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                 If you HAVE to check, do it quickly and carefully, and just quick shake the pan to see if the center is set. Toothpick doesn’t really work, since you’ll have stuff stick even when it’s done; though how much and its viscosity depends on stage of cooking.

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                 Take out, run a knife around the edge, let cool some more and unmold. One can slice a piece now if you want (it’s not too bad warm, though I found mine a touch “spongy,” think maybe it overcooked a tad) or stick in the fridge an hour or so to get that denser New York treat. As I said, I love this recipe, as it yields a rich, creamy affair in a much lighter and “fluffy” package, making a slice of pie one can fully enjoy eating with every bite.

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                    For those who want to add fruit or other flavors to your cheesecake, but can’t find or aren’t sure about other recipes, there’s a fun little trick I learned in school. Get or make a rich, flavorful puree or sauce of some sort: for instance, we made one with raspberries.

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                    Separate a little bit of batter from your mix, say ¼cup or more, and mix with the puree. Then, once done, drizzle and swirl this over the top of the cheesecake batter after initially filling the pan. You can even try doing some layers as you pour for more integration! I would suggest doing this with a whole cake though; I did this with half just so I had pics for the post, but since I had to be careful with crossing I only ended up using a little bit of the puree.

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                  Now that we have a whole cooled cheesecake all to ourselves, we can ponder the various ways to enjoy it. Sliced, frozen, chopped up and mixed with fruit… or turned into little Chocolate Pops.

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                   Cut whatever amount of cheesecake you want into thick cubes, rectangles, or whatever shape you desire (cleaning the knife with a warm, wet cloth after each slice); just make sure it’s thick and sturdy enough to hold together. Stick a toothpick or other holdable in one end for easy management, and prepare your chocolate.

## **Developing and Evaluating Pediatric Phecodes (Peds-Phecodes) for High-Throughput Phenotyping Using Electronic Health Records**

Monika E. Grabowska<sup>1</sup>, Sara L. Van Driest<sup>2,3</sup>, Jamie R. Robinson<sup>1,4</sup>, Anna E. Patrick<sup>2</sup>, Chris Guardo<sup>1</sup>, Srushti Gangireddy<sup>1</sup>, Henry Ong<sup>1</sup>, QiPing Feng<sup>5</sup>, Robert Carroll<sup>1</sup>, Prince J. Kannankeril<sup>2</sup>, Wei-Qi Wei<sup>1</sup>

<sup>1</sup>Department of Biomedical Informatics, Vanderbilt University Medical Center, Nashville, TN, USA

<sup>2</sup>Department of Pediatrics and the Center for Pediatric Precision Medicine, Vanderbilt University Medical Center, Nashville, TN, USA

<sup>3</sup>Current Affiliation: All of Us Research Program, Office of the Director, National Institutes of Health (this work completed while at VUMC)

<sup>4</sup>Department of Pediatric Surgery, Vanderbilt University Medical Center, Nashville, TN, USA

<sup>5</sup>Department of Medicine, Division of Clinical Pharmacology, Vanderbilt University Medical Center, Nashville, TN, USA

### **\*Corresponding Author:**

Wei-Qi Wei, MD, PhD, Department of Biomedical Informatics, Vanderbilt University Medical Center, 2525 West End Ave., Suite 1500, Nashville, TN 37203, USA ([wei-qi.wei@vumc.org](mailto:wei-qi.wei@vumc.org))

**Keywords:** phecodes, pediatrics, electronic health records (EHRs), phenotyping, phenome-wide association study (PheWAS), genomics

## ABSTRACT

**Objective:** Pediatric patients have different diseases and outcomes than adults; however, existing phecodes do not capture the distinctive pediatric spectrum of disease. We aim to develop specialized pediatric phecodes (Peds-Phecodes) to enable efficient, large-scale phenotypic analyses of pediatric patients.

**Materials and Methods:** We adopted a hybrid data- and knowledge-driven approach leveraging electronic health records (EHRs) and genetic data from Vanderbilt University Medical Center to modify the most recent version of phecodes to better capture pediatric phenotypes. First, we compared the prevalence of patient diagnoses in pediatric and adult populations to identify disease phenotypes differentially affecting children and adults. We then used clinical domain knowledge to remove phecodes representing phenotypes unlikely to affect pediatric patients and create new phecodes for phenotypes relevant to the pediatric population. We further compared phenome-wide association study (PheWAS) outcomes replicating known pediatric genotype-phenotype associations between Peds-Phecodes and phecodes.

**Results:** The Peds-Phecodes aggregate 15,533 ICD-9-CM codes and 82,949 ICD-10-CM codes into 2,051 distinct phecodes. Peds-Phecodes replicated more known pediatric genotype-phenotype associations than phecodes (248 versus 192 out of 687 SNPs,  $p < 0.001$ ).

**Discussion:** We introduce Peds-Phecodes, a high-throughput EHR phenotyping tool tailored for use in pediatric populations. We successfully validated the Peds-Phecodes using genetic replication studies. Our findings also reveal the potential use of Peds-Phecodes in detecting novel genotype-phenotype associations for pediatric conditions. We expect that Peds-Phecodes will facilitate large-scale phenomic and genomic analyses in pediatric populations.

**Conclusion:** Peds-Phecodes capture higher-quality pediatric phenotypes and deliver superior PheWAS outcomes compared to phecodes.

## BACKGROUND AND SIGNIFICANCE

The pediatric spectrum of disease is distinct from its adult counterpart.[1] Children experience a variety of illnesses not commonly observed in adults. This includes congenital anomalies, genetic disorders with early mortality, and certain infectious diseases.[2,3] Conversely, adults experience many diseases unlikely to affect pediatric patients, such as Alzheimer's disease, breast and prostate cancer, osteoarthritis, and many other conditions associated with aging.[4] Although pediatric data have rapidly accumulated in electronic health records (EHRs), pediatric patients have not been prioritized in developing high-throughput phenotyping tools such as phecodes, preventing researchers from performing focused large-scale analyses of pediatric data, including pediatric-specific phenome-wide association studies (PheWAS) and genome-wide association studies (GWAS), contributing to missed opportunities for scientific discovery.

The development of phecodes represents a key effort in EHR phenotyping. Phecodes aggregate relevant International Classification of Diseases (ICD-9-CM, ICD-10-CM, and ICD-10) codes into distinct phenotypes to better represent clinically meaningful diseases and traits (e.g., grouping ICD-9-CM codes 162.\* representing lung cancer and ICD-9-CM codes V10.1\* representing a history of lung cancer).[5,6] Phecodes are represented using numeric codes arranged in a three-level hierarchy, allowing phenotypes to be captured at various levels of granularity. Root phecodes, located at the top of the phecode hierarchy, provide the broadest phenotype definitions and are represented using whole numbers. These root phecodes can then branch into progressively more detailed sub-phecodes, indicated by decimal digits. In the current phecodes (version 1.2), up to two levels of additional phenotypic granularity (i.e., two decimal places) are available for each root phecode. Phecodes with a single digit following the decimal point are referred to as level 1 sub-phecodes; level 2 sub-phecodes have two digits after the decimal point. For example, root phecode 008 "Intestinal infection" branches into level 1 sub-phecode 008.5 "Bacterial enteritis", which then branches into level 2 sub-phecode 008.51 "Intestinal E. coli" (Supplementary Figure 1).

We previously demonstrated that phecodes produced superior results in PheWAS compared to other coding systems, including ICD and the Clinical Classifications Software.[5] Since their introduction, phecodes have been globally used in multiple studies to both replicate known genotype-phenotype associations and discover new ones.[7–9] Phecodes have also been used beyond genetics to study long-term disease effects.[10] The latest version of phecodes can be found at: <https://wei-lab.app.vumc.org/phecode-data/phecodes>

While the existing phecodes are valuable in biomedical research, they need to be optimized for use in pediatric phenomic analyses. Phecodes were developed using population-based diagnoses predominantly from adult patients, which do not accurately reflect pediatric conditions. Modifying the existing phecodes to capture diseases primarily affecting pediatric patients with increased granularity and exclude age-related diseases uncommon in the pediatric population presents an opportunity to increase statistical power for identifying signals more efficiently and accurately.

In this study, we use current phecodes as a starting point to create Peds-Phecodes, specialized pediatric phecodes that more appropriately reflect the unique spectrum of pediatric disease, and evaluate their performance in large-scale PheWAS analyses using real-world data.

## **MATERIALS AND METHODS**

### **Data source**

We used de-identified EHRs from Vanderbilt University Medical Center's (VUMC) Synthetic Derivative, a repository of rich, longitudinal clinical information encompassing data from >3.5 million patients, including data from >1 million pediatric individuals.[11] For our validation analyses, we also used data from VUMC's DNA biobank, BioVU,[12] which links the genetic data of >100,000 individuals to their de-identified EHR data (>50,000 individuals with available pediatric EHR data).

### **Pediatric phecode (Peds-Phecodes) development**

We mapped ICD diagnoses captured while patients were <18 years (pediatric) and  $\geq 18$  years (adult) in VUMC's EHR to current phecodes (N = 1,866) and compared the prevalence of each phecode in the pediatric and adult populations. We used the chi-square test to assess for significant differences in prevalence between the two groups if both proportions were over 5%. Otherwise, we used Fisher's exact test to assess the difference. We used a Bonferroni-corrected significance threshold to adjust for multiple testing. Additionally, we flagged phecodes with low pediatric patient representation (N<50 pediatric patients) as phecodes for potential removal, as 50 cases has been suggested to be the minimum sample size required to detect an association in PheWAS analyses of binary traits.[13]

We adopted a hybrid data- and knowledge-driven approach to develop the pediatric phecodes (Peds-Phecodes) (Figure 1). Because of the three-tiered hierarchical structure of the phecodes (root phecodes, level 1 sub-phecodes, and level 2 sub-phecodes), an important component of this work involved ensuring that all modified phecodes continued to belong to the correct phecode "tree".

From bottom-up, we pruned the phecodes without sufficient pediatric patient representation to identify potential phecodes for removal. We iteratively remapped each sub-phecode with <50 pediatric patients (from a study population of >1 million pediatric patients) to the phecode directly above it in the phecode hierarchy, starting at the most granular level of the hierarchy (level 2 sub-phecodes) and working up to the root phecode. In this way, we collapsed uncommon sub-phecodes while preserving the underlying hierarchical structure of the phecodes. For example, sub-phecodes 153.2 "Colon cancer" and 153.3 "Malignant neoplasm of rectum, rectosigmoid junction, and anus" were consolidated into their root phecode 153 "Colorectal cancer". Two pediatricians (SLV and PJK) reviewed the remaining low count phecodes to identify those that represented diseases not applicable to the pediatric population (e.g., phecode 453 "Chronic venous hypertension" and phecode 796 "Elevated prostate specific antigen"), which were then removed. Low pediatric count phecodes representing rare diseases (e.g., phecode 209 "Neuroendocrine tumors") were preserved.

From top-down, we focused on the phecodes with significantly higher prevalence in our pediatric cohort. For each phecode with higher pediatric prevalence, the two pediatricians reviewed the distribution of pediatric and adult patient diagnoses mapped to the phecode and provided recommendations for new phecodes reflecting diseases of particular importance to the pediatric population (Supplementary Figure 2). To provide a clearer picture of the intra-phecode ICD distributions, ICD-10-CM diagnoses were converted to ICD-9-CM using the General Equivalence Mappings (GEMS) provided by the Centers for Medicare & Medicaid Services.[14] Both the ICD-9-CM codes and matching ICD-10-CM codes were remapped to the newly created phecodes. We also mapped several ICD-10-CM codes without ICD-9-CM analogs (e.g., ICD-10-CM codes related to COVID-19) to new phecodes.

There are a lot of recipes for chocolate glazes out there, and truth be told most of them are probably better than this, the problem is it’s hard to tell which ones will actually set up to make a “shell” of some sorts once cool and which will just stay on as a thick sauce. If you want, you can actually just melt chocolate as-is, especially if it’s a good quality one to use, just remember a few little things.

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                  First, as always, do this gently over a double boiler.

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                  Second, do not melt the chocolate all the way over heat. Melt about 2/3rds – 3/4ths of it, take it off and let melt the rest of the way. I would love to tell you all about the Tempering Process, a technique where one melts the chocolate to a certain temperature, then cools it back down to another (usually through the aid of a marble slab, adding more chocolate, or other means), and then raising it back up to a third before using, thus setting the “crystals” in the chocolate to a perfect ratio so it cools to a shiny and perfectly crisp state (which doesn’t melt when you touch it). But you really need good temperature reading equipment and it’s still a tricky pain in the ass. So at least this almost-complete melting process keeps it from cooking too high and can cool back to a state similar to how it was before.

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                  And Third; I suggest you use either White or Dark chocolate when coating. With my experience, every time I’ve tried melting simple Milk Chocolate, and I’m not sure why, but it’s always much thicker and harder to manage than a higher cocoa% Dark (probably less cocoa butter and more lactic compounds or something).